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Taiwan Tati Cultural and Educational Foundation

HK office opens as Tsai laments law

President Tsai Ing-wen yesterday expresses her disappointment regarding China’s passage of a national security law for Hong Kong at Chunghwa Telecom Co’s news conference in Taipei for the launch of its 5G services.
Photo: CNA

The Taiwan-Hong Kong Services and Exchanges Office today officially opens in Hong Kong, where it is to provide humanitarian assistance to Hong Kongers, after Beijing yesterday passed a controversial national security law for the territory.


Punish traffickers, help victims

The US Department of State on Thursday listed Taiwan in tier 1 in its annual Trafficking in Persons Report for the 11th year in a row. Taiwan’s consistently high ranking in the report demonstrates that the nation’s authorities take trafficking seriously and have been effective in combating it.

However, major trafficking-related arrests occur annually, meaning that preventive measures must be improved. Perhaps punishments are too lenient or perpetrators feel that the financial rewards from their actions outweigh the risks. It could also be that victims are unaware of the danger when, for example, they approach recruiters in their home country as they seek to travel for work or study.


All caucuses to discuss naming issues

Chinese Nationalist Party (KMT) legislators push through a police line at the entrance to the legislative chamber in Taipei yesterday afternoon.
Photo: Peter Lo, Taipei Times

All legislative caucuses have said that they are open to discussing naming issues concerning the national carrier China Airlines (CAL) and the nation’s passport cover at cross-caucus negotiations today to set the agenda for the next provisional legislative session.


US lawmakers present Taiwan Fellowship Act

US Senator Ed Markey arrives at the US Capitol in Washington on Jan. 31.
Photo: AFP

US lawmakers on Friday introduced the Taiwan Fellowship Act to help US federal government officials gain a better understanding of Taiwan, said US Senator Edward Markey, one of the lawmakers who introduced the proposed legislation.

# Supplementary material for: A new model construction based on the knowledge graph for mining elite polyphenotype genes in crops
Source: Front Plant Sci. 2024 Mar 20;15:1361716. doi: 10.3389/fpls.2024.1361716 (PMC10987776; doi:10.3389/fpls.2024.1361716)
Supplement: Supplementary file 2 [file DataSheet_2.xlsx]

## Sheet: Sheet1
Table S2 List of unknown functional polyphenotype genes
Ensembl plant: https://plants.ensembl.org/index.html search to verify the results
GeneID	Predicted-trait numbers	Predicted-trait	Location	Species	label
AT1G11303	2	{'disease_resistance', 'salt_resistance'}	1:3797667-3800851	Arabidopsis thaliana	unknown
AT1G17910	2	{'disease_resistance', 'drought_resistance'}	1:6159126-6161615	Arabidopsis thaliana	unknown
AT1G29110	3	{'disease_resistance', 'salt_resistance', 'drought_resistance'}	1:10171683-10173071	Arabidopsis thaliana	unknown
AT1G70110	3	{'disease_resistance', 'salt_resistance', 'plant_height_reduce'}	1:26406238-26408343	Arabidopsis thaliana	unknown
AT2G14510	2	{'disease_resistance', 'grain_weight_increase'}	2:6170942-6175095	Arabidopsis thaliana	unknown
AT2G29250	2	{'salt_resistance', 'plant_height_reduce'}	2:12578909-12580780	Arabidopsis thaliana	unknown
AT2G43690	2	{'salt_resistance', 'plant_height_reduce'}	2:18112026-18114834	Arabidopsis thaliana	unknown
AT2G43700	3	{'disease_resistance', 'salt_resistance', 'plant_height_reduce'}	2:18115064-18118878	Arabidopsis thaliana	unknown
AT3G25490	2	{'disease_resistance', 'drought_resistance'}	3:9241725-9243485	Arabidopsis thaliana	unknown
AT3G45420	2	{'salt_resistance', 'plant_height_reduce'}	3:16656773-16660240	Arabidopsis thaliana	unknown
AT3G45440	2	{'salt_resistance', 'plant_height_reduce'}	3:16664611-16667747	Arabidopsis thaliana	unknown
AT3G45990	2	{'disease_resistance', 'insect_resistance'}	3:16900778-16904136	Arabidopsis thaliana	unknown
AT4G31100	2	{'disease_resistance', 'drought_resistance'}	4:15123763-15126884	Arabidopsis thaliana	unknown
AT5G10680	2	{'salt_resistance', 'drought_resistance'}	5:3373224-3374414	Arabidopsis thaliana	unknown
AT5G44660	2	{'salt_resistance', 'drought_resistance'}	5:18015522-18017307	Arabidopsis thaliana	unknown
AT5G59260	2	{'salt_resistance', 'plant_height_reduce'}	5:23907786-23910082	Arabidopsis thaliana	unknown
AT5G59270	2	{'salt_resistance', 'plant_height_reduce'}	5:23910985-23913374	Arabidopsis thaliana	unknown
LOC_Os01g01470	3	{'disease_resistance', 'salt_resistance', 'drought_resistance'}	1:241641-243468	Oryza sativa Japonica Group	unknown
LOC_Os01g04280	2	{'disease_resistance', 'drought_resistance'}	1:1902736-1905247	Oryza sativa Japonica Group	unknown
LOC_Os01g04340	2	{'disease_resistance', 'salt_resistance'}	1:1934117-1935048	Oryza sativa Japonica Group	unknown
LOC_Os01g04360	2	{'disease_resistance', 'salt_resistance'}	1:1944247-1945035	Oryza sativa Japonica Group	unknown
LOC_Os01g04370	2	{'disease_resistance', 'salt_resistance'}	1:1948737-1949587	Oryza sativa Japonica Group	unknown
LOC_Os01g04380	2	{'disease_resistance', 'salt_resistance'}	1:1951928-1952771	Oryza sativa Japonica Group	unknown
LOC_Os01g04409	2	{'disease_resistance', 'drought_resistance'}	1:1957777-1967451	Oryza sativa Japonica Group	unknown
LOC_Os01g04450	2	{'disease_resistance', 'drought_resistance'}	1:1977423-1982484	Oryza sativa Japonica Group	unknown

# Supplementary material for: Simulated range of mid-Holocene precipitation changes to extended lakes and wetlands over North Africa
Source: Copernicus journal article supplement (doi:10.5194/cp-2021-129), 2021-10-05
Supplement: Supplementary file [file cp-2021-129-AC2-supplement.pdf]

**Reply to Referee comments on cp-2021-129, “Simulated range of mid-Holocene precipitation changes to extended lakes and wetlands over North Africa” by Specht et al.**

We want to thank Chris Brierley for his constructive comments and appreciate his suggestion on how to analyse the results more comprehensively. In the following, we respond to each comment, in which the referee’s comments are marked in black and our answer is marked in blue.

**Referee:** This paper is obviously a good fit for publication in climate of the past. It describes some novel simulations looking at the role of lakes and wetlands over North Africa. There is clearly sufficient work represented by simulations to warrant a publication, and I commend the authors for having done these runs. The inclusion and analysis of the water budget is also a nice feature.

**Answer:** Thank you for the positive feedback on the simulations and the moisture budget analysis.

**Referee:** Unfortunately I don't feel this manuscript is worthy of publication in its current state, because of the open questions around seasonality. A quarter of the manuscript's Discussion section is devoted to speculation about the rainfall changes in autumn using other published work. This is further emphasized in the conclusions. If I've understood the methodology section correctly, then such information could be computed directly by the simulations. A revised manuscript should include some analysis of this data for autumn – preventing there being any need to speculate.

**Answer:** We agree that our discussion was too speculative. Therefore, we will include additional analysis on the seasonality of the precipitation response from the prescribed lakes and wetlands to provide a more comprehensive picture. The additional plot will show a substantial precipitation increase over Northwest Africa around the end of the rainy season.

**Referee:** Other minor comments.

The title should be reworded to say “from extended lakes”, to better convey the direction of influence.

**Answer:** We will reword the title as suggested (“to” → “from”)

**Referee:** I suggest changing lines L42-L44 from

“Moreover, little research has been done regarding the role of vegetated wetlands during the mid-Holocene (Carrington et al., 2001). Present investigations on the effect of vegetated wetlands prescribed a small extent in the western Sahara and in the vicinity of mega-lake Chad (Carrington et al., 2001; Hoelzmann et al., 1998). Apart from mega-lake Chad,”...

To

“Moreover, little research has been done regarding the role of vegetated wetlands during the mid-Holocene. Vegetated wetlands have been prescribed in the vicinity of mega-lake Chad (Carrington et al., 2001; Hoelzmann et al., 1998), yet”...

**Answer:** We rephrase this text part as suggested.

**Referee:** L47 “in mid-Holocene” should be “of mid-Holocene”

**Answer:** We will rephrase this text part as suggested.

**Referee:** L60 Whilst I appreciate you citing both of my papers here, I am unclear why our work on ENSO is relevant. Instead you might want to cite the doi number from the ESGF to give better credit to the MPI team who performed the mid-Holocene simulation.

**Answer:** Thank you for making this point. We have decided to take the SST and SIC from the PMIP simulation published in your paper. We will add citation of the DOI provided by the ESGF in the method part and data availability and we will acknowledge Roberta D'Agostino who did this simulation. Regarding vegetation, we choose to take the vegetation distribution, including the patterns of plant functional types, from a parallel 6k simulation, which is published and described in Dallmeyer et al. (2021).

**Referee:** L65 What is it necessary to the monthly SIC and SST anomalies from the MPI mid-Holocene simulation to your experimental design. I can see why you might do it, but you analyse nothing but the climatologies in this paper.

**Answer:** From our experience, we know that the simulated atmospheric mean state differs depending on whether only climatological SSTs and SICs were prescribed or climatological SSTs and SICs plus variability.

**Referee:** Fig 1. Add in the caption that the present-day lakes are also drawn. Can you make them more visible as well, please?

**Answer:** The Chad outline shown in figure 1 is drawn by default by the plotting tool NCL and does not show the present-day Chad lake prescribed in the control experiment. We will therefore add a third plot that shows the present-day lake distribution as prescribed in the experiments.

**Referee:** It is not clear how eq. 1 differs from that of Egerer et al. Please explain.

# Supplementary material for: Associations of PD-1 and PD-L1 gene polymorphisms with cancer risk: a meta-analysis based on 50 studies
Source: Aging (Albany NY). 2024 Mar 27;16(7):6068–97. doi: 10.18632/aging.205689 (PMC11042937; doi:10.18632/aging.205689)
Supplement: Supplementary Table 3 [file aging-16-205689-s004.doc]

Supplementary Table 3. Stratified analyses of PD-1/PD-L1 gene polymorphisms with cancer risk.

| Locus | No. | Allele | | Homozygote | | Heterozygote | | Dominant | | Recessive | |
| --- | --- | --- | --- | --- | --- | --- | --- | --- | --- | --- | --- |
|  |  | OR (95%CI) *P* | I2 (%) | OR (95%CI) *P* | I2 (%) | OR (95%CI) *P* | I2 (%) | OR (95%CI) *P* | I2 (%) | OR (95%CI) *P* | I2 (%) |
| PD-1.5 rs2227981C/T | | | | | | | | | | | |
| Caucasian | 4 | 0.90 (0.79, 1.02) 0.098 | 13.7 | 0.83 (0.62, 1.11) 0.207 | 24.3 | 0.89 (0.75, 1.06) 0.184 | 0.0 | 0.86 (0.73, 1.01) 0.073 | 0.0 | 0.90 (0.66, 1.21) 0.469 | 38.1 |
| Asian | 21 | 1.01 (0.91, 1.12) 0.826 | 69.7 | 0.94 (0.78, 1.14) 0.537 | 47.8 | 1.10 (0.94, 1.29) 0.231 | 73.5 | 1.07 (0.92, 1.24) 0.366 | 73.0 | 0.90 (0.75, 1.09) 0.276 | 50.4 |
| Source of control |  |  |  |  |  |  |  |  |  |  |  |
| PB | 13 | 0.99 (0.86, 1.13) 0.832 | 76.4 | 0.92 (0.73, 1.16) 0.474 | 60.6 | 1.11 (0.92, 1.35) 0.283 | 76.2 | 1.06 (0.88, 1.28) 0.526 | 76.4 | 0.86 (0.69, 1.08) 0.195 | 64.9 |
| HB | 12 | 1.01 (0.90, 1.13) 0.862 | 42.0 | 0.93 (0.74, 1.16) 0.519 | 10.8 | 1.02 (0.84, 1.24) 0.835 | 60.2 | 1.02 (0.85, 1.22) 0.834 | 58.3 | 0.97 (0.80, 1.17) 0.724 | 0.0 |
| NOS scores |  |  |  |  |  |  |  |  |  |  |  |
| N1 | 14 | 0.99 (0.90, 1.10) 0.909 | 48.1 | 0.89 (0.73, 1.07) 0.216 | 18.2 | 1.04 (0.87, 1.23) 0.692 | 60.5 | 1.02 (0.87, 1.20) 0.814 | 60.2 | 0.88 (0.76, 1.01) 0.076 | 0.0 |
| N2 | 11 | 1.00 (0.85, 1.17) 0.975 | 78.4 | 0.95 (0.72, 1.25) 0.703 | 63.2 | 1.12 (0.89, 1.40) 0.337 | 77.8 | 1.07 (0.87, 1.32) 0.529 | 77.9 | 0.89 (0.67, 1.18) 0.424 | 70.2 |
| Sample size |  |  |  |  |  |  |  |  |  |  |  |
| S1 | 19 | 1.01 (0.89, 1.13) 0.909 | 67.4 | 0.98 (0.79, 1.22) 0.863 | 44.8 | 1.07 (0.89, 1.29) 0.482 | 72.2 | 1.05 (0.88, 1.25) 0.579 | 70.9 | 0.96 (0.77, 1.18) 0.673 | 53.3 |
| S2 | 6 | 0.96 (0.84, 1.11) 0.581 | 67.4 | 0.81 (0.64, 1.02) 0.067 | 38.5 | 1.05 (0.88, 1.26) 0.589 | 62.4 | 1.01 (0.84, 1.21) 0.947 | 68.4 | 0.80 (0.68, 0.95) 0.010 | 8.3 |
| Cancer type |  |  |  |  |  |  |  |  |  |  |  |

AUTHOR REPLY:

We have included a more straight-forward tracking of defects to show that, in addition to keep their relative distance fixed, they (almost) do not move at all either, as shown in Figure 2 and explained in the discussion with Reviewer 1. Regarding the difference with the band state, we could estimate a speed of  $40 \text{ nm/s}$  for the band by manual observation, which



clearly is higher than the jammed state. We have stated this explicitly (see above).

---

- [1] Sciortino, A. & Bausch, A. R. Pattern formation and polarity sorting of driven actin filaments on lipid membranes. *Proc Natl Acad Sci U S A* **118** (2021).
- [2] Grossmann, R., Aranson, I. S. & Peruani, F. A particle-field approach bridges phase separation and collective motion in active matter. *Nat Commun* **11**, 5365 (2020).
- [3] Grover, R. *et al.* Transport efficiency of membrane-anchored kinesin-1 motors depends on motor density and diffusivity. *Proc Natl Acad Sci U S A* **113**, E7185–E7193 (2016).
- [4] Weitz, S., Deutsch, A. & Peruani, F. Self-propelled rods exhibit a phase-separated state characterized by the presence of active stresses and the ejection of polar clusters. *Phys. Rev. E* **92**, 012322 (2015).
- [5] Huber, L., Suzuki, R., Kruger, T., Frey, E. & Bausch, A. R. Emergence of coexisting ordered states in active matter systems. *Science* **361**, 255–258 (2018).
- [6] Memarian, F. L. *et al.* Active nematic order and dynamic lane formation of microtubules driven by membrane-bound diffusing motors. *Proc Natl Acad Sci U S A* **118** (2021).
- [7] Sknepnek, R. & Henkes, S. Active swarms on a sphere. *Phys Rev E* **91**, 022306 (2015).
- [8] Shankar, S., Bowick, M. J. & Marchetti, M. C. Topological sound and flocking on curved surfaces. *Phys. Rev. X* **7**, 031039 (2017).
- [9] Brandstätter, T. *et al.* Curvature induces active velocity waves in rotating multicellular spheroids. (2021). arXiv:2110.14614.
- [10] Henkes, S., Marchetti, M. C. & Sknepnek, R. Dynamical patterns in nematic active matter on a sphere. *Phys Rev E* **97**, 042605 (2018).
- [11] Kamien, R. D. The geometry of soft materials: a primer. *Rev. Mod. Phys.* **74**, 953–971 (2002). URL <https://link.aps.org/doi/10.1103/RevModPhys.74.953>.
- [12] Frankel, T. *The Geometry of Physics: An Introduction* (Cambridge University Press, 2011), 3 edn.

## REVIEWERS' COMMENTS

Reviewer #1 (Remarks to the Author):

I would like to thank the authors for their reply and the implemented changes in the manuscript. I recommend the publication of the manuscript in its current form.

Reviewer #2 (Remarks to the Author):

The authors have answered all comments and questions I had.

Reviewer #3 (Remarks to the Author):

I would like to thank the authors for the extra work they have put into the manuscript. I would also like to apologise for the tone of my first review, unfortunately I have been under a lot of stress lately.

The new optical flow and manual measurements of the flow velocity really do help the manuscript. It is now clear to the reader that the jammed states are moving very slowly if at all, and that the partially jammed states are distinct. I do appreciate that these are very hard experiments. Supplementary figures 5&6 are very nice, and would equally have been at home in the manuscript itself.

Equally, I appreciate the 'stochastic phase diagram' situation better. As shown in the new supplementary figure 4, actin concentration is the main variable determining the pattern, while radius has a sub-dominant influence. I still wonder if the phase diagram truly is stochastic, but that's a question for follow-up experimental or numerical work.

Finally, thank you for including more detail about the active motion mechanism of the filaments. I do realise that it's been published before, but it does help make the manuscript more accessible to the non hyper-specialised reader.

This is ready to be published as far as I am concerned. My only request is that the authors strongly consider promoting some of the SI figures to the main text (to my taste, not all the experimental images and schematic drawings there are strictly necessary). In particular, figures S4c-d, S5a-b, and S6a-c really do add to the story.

US issues warrants for three Taiwanese

The headquarters of United Microelectronics Corporation is pictured in Hsinchu Science Park on June 10.
Photo: Hung You-fang, Taipei Times

The US won arrest warrants for three Taiwanese men — a former president of China-based Fujian Jinhua Integrated Circuit Co (福建晉華) and two engineers — charged with stealing secrets from Idaho-based Micron Technology Inc.


Diaoyutais dispute pleases China

On Monday, the municipal council of Ishigaki City in Japan’s Okinawa Prefecture approved a proposal to give the uninhabited Diaoyutai Islands (釣魚台), which are called the Senkaku Islands in Japan, their own administrative designation of “Tonoshiro Senkaku” rather than just “Tonoshiro” — the name of a place on Ishigaki Island — with effect from Oct. 1.

The Chinese Nationalist Party (KMT) took the lead in objecting to this name change soon after it was proposed on June 9. The Yilan County Council approved an ad hoc motion requesting the Yilan County Government to designate the Diaoyutais as “Toucheng Diaoyutai,” since Taiwan places the islands under the jurisdiction of the county’s Toucheng Township (頭城).

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People take pictures of the Grand Hotel in Taipei yesterday, which illuminated some of its rooms to spell out the word “Zero” after Taiwan reported no new COVID-19 cases for the third day this week.
Photo: EPA

Taiwan yesterday again registered no new cases of COVID-19 — the third time this week — as the Central Epidemic Command Center (CECC) said that travelers arriving from Southeast Asia, where the pandemic appears to be getting worse, would be the focus of stricter screening.